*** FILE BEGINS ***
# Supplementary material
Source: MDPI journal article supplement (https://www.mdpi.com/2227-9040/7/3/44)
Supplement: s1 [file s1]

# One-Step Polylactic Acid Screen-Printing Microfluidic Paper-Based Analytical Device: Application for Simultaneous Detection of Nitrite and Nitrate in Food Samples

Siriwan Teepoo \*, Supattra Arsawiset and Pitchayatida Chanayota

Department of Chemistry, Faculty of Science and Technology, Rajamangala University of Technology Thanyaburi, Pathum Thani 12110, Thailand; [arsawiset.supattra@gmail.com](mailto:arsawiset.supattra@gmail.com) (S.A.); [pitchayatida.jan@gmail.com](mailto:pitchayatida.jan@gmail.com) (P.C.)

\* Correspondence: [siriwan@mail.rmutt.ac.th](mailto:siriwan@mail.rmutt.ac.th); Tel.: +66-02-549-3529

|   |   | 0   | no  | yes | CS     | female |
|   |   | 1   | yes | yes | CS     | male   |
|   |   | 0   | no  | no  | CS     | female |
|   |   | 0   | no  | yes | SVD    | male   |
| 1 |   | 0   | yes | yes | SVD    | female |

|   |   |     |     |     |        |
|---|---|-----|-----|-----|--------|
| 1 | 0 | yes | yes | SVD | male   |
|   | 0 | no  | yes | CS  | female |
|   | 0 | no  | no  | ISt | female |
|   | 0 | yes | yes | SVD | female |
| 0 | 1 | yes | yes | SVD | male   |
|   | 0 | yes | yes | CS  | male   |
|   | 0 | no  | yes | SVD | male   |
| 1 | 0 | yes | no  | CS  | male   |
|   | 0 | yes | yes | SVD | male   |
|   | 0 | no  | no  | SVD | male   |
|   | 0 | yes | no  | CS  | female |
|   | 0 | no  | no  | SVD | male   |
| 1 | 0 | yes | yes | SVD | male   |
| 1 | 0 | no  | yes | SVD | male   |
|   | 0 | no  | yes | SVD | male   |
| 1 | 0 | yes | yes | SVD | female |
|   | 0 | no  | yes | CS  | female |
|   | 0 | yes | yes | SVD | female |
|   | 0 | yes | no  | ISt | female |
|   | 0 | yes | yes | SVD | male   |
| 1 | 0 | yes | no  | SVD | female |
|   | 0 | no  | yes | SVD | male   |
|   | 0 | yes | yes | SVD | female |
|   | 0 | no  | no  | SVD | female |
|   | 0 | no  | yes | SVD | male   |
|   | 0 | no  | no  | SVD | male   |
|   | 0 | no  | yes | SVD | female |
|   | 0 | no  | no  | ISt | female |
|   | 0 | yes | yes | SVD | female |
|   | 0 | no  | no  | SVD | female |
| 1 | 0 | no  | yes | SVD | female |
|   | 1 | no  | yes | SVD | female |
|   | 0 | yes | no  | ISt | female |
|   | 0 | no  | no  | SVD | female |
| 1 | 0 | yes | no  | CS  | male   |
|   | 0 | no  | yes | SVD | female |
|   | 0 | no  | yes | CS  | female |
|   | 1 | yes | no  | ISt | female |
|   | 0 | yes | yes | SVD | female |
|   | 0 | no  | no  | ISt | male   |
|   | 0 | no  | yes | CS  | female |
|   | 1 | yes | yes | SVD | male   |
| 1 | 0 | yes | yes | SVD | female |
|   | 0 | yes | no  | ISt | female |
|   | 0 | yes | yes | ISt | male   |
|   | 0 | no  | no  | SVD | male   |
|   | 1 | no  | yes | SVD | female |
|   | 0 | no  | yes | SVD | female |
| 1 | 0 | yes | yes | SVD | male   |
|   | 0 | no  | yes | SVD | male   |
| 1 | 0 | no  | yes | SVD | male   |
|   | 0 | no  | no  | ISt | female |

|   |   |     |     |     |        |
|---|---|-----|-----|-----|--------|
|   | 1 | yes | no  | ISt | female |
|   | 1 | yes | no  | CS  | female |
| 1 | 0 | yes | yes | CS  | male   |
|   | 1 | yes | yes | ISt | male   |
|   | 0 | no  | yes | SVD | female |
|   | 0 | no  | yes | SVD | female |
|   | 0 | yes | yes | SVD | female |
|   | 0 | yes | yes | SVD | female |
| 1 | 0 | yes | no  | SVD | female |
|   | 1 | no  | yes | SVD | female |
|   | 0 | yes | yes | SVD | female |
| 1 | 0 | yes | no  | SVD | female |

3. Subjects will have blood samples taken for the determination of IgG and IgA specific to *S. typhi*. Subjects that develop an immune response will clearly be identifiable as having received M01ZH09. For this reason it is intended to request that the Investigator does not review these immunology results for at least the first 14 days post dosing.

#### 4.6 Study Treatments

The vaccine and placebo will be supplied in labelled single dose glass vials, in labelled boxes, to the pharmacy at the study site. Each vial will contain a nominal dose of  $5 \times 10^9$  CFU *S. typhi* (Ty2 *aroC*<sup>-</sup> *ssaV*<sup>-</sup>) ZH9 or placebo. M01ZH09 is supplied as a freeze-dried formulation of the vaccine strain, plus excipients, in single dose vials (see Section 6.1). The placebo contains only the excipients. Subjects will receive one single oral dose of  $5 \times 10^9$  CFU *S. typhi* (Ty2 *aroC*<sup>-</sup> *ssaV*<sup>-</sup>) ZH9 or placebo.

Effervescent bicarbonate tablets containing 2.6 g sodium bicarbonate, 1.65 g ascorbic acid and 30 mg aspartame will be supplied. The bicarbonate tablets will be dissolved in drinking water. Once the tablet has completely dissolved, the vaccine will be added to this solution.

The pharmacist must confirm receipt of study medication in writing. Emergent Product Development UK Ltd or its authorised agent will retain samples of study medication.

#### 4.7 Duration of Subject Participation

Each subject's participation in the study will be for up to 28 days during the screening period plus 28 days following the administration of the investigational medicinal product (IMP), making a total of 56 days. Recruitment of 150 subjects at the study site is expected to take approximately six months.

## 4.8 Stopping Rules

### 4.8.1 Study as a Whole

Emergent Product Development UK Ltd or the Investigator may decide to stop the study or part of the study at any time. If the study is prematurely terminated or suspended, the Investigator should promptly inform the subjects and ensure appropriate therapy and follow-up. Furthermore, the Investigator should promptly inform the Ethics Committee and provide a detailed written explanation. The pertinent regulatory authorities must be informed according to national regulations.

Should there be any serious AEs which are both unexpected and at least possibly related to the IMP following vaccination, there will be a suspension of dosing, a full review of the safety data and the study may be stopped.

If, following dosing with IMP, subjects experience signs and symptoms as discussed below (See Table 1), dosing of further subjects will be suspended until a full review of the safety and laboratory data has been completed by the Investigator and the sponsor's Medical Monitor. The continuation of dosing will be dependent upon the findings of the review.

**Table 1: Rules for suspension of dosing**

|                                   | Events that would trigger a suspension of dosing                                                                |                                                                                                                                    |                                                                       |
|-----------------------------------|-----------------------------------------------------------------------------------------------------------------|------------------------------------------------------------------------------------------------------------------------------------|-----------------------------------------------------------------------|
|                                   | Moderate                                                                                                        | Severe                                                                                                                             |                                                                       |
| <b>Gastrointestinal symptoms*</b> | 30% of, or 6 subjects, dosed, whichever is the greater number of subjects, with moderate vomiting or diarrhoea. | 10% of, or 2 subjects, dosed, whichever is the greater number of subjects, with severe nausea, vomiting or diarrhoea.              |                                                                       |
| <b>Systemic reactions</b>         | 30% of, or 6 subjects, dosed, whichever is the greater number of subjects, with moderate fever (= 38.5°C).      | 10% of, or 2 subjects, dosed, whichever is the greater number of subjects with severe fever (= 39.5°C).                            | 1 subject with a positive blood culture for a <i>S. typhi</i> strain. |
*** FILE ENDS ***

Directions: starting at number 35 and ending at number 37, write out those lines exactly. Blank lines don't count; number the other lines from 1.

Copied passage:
| 1 | 0 | yes | no  | SVD | female |
|   | 0 | no  | yes | SVD | male   |
|   | 0 | yes | yes | SVD | female |